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whig-hall

Whig Hall, the seat of political organizations on campus.

Photo Credit: Jon Ort / The Daily Princetonian

This afternoon, College Republicans will host a conversation between New York Times columnist Bret Stephens and author Yoram Hazony ’86 regarding the future of conservatism, nationalism, and the Republican Party. It is disappointing that a conversation this interesting is being conducted by two men who share disturbing records of racist remarks.

Earlier this semester, when racist Professor Amy Wax of the University of Pennsylvania came to campus, student leaders of Whig-Clio and The Daily Princetonian Editorial Board denounced the event as “myopic” and “dangerous.” They were right to do so, and this same denunciation should be extended to Hazony, one of Wax's staunchest defenders, who has provided her a platform to share, among other things, that the United States would “be better off with more whites and fewer nonwhites.”

Hazony’s defense of racist characters extends beyond Wax. He has praised far-right Jewish-extremist Meir Kahane as being “willing to say what needed to be said,” and as someone who “changed" the lives of himself and his peers, “help[ing] us grow up into strong Jewish men and women.” Kahane was convicted of acts of domestic terrorism in the US. He then immigrated to Israel, where he was elected to the Israeli Parliament and was so vitriolic that fellow parliamentary members would leave the chamber en masse whenever he spoke until they banned his political party in 1988 (the US government considers Kach, Kahane’s party, as a terrorist organization). While Hazony claims to have rejected Kahane’s violent politics, he boasted of finding “other ways of doing what he [Kahane] asked.”

Similarly, Bret Stephens has written of the “disease of the Arab mind” and claimed that the Arab world lacks a “great university,” an “indigenous scientific base,” and possesses a “stunted literary culture,” in comparison to that of Israel. Additionally, he has described Black Lives Matter as possessing a “thuggish” mentality. I am not scared of his right-of-center political analysis, but I am fearful of the message we send by welcoming him despite these comments.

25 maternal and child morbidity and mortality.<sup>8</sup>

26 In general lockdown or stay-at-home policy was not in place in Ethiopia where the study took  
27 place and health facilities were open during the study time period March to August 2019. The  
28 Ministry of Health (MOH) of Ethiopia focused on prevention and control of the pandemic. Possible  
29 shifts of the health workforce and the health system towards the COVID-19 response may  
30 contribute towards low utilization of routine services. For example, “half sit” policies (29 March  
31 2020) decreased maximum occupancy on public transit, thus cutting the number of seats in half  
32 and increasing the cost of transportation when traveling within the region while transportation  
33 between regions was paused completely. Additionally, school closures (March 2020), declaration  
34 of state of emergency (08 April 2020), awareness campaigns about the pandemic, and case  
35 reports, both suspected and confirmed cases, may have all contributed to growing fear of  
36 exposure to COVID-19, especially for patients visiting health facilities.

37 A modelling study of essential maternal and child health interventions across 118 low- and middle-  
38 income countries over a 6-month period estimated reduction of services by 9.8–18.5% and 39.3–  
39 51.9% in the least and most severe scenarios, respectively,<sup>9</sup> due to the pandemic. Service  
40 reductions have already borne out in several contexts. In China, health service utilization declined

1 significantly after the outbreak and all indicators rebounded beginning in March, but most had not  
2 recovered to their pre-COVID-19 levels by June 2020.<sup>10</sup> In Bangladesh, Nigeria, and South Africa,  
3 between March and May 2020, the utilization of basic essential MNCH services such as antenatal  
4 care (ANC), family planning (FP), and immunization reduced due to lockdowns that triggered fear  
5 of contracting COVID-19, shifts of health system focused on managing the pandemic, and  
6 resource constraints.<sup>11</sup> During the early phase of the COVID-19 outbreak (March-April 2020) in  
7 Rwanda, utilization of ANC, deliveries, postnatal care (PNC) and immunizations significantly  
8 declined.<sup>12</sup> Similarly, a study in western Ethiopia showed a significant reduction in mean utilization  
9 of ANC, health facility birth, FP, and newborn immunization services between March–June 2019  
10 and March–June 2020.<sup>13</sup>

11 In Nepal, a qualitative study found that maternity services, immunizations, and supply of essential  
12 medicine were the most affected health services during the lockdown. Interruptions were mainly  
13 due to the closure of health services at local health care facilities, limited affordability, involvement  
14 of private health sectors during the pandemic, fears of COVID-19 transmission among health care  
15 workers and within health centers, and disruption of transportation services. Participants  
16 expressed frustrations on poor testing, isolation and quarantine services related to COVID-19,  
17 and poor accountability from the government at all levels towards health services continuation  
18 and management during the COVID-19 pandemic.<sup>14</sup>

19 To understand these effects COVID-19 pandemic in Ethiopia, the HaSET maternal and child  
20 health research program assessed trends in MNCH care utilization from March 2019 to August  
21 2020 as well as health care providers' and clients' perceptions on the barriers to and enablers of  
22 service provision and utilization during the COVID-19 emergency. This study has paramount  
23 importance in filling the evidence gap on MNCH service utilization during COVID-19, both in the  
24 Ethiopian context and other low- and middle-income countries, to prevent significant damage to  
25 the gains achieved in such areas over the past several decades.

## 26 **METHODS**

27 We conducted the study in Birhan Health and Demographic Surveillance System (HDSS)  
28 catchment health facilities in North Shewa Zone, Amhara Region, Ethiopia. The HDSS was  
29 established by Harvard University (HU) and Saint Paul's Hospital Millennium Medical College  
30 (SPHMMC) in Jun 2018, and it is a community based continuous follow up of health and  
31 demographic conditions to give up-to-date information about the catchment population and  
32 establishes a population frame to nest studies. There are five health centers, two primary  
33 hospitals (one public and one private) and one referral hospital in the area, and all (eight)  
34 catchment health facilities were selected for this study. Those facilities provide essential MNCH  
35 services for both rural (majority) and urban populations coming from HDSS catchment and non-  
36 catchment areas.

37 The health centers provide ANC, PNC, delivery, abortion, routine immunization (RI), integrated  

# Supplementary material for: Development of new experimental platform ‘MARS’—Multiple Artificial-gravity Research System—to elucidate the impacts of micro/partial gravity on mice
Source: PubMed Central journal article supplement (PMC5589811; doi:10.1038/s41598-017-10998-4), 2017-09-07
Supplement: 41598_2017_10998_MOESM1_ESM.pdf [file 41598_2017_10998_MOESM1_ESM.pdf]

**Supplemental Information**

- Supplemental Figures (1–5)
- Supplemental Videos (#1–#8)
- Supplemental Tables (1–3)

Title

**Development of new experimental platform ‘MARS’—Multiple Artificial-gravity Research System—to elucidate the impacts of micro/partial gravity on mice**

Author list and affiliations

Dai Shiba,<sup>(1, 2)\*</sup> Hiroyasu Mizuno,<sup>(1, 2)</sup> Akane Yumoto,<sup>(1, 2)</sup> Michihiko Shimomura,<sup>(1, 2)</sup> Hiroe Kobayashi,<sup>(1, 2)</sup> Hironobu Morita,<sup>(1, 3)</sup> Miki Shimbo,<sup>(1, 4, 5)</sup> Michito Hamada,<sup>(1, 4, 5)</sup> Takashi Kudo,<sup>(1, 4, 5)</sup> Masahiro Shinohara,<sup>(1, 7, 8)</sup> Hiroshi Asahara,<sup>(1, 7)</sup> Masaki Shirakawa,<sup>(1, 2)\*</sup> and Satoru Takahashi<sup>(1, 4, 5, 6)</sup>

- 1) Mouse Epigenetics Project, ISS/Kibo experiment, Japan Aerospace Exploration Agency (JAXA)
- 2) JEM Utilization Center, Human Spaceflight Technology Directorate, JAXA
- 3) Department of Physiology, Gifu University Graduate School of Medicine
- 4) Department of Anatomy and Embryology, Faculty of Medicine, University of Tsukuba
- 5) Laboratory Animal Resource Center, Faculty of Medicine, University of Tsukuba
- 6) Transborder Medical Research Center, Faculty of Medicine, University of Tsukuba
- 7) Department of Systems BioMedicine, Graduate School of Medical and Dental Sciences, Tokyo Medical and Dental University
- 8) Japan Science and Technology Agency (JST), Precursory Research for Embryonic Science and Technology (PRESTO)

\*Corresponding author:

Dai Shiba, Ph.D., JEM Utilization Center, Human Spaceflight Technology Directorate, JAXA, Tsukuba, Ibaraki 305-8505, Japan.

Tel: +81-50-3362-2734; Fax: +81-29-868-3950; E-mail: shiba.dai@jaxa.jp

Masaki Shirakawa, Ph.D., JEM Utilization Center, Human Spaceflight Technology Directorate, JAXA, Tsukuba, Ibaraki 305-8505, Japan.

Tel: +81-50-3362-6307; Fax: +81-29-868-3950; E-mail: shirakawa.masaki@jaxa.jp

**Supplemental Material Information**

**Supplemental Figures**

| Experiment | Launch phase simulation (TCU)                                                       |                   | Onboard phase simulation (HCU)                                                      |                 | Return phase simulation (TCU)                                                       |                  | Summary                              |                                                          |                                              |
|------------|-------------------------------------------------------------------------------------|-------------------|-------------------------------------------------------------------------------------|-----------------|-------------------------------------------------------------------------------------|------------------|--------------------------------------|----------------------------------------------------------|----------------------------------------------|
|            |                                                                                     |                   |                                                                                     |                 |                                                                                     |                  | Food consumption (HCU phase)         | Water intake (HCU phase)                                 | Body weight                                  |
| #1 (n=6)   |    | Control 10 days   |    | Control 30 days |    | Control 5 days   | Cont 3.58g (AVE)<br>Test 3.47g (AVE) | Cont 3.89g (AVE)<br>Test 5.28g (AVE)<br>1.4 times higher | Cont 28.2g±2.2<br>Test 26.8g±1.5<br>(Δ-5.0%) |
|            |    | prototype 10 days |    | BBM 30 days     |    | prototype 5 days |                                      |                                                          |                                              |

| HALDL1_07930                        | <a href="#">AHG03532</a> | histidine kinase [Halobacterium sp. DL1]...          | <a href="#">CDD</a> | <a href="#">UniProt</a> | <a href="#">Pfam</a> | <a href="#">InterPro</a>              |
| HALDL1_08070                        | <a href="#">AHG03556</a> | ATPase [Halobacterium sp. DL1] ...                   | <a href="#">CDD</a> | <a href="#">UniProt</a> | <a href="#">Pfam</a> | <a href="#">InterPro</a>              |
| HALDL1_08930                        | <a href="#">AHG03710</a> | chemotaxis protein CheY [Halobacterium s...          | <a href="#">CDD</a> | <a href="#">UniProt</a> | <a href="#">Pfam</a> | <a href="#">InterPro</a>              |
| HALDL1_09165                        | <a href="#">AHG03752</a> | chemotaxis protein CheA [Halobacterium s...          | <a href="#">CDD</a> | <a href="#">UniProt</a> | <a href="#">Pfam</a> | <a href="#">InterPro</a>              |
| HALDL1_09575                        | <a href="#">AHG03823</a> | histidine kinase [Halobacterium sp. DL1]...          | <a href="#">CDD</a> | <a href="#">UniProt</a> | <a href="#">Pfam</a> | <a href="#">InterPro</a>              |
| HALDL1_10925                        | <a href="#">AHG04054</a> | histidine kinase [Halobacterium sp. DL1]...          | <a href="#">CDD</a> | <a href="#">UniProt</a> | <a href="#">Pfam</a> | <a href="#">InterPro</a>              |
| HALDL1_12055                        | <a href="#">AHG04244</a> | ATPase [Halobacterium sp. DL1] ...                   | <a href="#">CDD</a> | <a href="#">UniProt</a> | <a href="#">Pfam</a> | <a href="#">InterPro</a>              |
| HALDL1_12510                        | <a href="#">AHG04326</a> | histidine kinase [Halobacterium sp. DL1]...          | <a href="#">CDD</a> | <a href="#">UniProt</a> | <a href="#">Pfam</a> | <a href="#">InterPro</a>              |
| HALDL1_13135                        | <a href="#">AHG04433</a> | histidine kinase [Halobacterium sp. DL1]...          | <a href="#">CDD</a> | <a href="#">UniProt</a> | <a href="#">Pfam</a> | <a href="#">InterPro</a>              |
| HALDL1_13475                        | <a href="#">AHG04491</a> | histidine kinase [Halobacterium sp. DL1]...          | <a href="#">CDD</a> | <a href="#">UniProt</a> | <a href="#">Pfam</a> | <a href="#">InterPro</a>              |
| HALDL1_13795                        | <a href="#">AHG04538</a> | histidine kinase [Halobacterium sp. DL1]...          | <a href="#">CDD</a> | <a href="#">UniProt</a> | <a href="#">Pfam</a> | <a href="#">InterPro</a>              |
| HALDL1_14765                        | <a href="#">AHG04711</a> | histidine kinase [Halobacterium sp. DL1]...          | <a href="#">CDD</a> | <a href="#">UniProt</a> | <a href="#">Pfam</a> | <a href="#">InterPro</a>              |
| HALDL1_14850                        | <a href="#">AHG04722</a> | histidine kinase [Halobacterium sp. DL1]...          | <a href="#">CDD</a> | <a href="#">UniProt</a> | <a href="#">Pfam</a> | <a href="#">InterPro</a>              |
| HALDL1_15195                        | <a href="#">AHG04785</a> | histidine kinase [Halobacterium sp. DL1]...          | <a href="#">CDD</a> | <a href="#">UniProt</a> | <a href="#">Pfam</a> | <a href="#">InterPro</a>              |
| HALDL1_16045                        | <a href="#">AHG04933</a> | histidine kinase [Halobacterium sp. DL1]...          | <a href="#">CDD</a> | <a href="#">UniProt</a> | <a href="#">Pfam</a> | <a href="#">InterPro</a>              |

Many on this campus, myself included, have expressed concerns about the invocation of anti-Semitic and other hateful tropes by Norman Finkelstein GS ’87 in recent weeks. It would be hypocritical were we not to be as vocal in our opposition to Stephens’ and Hazony’s racism and Islamophobia.

I do not wish to silence Stephens or Hazony, but I do wish that they had not been invited to campus. They have more than ample platforms to promote their messages. As the ‘Prince’ Editorial Board aptly argued, respecting free speech is not the same as awarding free pulpits. Princeton students need not give one to Stephens and Hazony.

Zachariah Sippy is a sophomore from Lexington, Kentucky. He can be reached at zsippy@princeton.edu

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